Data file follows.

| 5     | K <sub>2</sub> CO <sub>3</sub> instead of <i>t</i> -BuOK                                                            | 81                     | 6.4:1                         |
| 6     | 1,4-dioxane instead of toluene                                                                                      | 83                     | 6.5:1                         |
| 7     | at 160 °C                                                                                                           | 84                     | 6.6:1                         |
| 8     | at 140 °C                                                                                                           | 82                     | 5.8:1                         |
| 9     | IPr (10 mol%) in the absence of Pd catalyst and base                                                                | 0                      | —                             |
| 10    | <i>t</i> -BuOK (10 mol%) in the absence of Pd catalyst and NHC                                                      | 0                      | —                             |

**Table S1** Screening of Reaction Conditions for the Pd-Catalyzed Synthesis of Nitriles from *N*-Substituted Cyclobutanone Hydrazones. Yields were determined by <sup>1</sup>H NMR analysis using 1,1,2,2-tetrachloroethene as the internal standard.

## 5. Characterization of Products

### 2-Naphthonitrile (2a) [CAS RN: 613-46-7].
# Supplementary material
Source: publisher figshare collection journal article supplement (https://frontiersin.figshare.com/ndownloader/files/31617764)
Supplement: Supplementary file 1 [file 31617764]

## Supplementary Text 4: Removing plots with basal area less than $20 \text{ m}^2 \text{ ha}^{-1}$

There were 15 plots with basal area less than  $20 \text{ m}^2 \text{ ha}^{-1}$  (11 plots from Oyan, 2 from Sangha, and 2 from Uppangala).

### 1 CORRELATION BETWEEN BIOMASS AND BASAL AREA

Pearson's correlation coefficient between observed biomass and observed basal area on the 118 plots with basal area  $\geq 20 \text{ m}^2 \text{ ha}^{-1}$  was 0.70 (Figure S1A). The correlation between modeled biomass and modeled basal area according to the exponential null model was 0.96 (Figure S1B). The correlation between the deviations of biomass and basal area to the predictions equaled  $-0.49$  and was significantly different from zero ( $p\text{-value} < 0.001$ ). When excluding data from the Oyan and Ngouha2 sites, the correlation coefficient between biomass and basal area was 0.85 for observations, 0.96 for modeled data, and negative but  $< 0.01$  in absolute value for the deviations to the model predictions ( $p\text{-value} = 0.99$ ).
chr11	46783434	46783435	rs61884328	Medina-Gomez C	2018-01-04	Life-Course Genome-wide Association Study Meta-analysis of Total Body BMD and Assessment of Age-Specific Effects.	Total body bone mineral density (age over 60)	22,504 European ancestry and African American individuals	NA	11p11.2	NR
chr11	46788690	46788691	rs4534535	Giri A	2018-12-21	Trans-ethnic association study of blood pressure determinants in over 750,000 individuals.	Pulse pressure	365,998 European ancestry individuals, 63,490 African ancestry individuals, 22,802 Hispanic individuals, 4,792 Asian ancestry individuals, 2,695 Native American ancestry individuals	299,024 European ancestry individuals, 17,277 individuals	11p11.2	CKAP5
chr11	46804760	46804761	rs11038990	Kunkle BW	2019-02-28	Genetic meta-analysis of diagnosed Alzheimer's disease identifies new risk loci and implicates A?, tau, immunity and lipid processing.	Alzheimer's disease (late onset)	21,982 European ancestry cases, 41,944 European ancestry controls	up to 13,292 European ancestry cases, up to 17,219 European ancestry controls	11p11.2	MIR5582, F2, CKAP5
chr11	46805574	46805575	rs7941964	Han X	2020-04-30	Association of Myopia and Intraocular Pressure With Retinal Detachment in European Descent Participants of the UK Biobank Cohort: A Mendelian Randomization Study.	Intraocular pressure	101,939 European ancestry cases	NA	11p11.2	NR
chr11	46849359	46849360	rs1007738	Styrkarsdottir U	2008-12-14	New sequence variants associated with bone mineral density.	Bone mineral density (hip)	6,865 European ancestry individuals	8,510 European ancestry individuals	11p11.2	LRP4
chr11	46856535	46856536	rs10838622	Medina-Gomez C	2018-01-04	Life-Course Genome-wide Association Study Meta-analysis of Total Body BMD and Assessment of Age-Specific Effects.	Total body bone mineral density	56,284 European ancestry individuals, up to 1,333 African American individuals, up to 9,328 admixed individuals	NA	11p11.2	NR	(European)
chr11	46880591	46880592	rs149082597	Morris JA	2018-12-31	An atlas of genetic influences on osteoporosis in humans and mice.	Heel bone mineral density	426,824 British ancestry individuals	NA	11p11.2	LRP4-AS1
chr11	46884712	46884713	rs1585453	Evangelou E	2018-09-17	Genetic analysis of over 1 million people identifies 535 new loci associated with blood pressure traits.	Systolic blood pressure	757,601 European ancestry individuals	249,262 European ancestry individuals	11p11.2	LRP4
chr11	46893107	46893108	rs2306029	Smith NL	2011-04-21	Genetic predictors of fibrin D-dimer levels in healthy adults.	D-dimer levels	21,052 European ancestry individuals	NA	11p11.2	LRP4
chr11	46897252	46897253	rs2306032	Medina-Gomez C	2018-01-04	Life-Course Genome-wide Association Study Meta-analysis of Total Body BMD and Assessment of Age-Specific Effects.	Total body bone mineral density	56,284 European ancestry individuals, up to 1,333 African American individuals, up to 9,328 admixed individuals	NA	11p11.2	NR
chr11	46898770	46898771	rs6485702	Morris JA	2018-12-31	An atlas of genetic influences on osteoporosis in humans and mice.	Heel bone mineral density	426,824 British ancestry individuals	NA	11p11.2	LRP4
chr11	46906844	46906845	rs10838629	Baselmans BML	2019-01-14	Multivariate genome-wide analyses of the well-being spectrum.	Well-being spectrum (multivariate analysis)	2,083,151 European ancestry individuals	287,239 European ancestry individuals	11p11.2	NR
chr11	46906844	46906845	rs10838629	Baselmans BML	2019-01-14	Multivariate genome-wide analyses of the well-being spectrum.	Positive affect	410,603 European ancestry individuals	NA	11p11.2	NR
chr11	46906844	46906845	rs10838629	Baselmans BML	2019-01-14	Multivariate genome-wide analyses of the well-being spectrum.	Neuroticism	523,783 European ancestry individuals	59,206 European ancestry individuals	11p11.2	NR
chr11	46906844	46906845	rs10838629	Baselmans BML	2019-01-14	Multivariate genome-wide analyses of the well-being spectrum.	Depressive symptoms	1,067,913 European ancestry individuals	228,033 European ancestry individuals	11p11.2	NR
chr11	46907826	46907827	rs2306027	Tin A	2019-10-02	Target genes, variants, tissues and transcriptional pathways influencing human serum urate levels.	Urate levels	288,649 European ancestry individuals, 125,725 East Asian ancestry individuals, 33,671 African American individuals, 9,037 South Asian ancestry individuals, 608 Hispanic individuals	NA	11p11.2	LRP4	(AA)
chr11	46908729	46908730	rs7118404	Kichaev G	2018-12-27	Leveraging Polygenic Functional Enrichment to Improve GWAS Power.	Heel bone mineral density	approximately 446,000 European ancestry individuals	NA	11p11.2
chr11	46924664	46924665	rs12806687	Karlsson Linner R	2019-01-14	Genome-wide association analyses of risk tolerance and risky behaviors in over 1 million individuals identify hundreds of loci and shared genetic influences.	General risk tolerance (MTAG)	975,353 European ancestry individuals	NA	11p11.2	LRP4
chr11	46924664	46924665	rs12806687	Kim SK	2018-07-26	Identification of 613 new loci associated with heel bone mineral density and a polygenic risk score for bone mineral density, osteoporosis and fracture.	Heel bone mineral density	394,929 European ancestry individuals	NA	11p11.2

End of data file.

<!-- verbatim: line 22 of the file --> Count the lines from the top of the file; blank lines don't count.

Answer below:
chr11	46856535	46856536	rs10838622	Medina-Gomez C	2018-01-04	Life-Course Genome-wide Association Study Meta-analysis of Total Body BMD and Assessment of Age-Specific Effects.	Total body bone mineral density	56,284 European ancestry individuals, up to 1,333 African American individuals, up to 9,328 admixed individuals	NA	11p11.2	NR	(European)